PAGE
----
For example, maybe the client generates functional requirements on its own and then procures a contractor to build the thing.  In this case the IP is "jointly" owned by both contractor and the hiring party, with each being free to use and sell as they wish.  Note that the hiring party does not just have some sort of perpetual license in this case; their ownership is even with that of the contractor.  It is also important to note that, although either the contractor or hiring party is free to sell (i.e., license) the software third parties, if they do so then they will be liable to the other joint owner for his or her share of the proceeds.

Scenario 2 may be the more common one, where the independent contractor works largely on his own, with the hiring party providing a significant amount of copyrightable work to the project.  In this scenario, the independent contractor retains full ownership, but the hiring party has a perpetual license to use the software.  The license the hiring party has in this case does _not_ include the right to sell the software to third parties.

Thus, the default rule is two-pronged.  If the hiring party provides significant amounts of its own copyrightable work to the project, then there is joint ownership between hiring party and independent contractor.  If not, then the independent contractor has full ownership and the hiring party has a license to use (but not sell) the software.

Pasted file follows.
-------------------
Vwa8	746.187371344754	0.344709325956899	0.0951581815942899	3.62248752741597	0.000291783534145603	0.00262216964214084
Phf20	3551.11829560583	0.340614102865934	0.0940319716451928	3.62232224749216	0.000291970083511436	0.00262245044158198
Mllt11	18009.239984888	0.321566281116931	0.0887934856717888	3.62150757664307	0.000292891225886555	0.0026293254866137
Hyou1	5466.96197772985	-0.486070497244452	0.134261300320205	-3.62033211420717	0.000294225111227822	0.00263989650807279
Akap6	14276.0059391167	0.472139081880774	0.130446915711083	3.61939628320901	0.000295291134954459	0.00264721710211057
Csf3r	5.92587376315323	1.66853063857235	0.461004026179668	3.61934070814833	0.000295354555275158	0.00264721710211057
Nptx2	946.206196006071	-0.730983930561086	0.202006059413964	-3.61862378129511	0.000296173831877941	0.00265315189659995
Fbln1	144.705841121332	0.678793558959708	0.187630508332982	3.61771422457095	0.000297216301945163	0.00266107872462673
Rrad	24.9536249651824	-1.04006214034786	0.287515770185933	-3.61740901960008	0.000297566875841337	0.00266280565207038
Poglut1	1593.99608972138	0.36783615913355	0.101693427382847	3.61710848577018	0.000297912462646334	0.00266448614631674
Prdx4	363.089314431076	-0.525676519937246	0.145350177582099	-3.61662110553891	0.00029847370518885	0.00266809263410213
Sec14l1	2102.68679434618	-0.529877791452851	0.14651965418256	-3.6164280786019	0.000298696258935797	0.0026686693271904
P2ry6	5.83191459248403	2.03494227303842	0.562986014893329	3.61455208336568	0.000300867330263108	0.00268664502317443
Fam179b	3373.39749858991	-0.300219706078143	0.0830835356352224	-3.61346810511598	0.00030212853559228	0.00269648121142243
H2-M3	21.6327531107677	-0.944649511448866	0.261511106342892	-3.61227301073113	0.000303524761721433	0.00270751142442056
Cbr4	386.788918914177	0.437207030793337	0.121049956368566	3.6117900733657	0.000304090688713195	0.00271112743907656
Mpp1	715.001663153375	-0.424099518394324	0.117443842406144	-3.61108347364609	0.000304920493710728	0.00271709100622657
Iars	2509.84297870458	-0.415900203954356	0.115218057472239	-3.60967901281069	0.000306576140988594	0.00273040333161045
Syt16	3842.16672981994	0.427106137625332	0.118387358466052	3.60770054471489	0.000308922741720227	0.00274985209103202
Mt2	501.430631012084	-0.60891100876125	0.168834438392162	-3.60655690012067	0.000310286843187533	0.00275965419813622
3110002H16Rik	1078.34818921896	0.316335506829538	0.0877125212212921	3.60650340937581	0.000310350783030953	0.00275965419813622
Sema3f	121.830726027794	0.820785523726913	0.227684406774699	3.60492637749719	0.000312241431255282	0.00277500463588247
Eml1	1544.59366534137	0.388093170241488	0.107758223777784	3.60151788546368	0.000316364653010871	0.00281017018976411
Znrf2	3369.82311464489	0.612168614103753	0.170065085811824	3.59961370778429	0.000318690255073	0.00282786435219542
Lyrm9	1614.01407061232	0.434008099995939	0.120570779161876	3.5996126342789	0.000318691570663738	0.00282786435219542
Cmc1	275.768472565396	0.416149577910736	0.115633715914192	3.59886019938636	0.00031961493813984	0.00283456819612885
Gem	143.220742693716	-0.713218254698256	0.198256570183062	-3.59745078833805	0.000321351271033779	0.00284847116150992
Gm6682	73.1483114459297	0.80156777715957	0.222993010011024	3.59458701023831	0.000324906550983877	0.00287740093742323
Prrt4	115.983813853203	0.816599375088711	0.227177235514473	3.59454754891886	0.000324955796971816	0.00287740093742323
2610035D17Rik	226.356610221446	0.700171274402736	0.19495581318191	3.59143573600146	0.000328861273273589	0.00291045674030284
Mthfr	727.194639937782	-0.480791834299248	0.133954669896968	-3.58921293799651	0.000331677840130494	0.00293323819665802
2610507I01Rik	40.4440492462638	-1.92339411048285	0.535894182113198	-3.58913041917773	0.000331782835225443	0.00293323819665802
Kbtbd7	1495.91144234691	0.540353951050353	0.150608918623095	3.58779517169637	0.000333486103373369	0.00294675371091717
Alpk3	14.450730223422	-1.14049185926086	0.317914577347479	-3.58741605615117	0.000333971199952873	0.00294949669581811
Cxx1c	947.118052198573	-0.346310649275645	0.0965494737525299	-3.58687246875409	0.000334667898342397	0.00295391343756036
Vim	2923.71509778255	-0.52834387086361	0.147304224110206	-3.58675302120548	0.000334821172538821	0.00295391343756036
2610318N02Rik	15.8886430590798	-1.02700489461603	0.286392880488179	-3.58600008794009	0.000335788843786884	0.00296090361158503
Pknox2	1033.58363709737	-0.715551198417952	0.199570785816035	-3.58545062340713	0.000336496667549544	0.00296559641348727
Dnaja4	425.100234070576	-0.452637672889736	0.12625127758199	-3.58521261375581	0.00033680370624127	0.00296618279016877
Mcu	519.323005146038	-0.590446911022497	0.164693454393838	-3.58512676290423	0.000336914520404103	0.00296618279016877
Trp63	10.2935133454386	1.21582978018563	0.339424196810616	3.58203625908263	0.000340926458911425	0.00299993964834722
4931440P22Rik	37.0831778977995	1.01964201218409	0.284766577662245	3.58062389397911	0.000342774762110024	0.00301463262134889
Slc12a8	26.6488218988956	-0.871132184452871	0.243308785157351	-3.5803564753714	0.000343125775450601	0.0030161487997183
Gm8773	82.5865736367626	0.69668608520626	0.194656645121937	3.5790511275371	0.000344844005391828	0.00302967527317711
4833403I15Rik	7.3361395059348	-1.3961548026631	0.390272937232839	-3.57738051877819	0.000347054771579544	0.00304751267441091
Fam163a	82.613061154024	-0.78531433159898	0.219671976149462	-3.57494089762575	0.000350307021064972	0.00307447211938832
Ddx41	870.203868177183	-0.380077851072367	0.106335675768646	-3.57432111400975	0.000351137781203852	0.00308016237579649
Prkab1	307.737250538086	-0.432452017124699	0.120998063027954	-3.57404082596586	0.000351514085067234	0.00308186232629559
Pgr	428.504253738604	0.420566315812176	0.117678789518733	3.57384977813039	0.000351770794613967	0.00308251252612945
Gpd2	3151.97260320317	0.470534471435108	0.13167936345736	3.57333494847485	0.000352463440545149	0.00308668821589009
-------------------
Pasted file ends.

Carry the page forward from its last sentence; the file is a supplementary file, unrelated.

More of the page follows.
Deciding which prong of the rule would apply in some particular case could only be done by looking at the facts of that case and comparing it to see which prong has been applied in similar cases.  This is not something a layperson (or a lawyer not familiar with this area of the law, e.g., me) would be able to do.  So if you're concerned about which outcome might apply in your case, you'd be wise to consult a lawyer.

As always, it's just generally a good idea to discuss these things with your clients and to record some agreement regarding them in the contract.  It's not a good idea to rely on the general rule, because if there's no explicit agreement, you can never be certain which rule is actually going to be applied.

Discussing it and getting agreement regarding it before you do the work is also good customer relations.  Your client may be intending to license the software after you develop it, and may not be aware that ownership stays with you unless agreed otherwise.  They won't be happy to find that out after the deal is done. 

Also, the client may want to retain a competitive advantage over competing companies, and may be depending on you not having the right to license it to third parties.    If so, they would be very unhappy to hear you were selling the now-developed software to competitors at a cheap price, feeling like they subsidized your development of it at an hourly wage.

There's just to much uncertainty and too many possibilities for misunderstanding to rely on the general rule.  Ownership of the IP you develop is something you should always talk about with your clients.

Herbert Sitz
Saturday, May 11, 2002

In the preceding post, the paragraph that begins,

"Scenario 2 may be the more common one, where the independent contractor works largely on his own, with the hiring party providing a significant amount of copyrightable work to the project. "

should have said,

"Scenario 2 may be the more common one, where the independent contractor works largely on his own, WITHOUT the hiring party providing a significant amount of copyrightable work to the project. "

Herbert Sitz
Saturday, May 11, 2002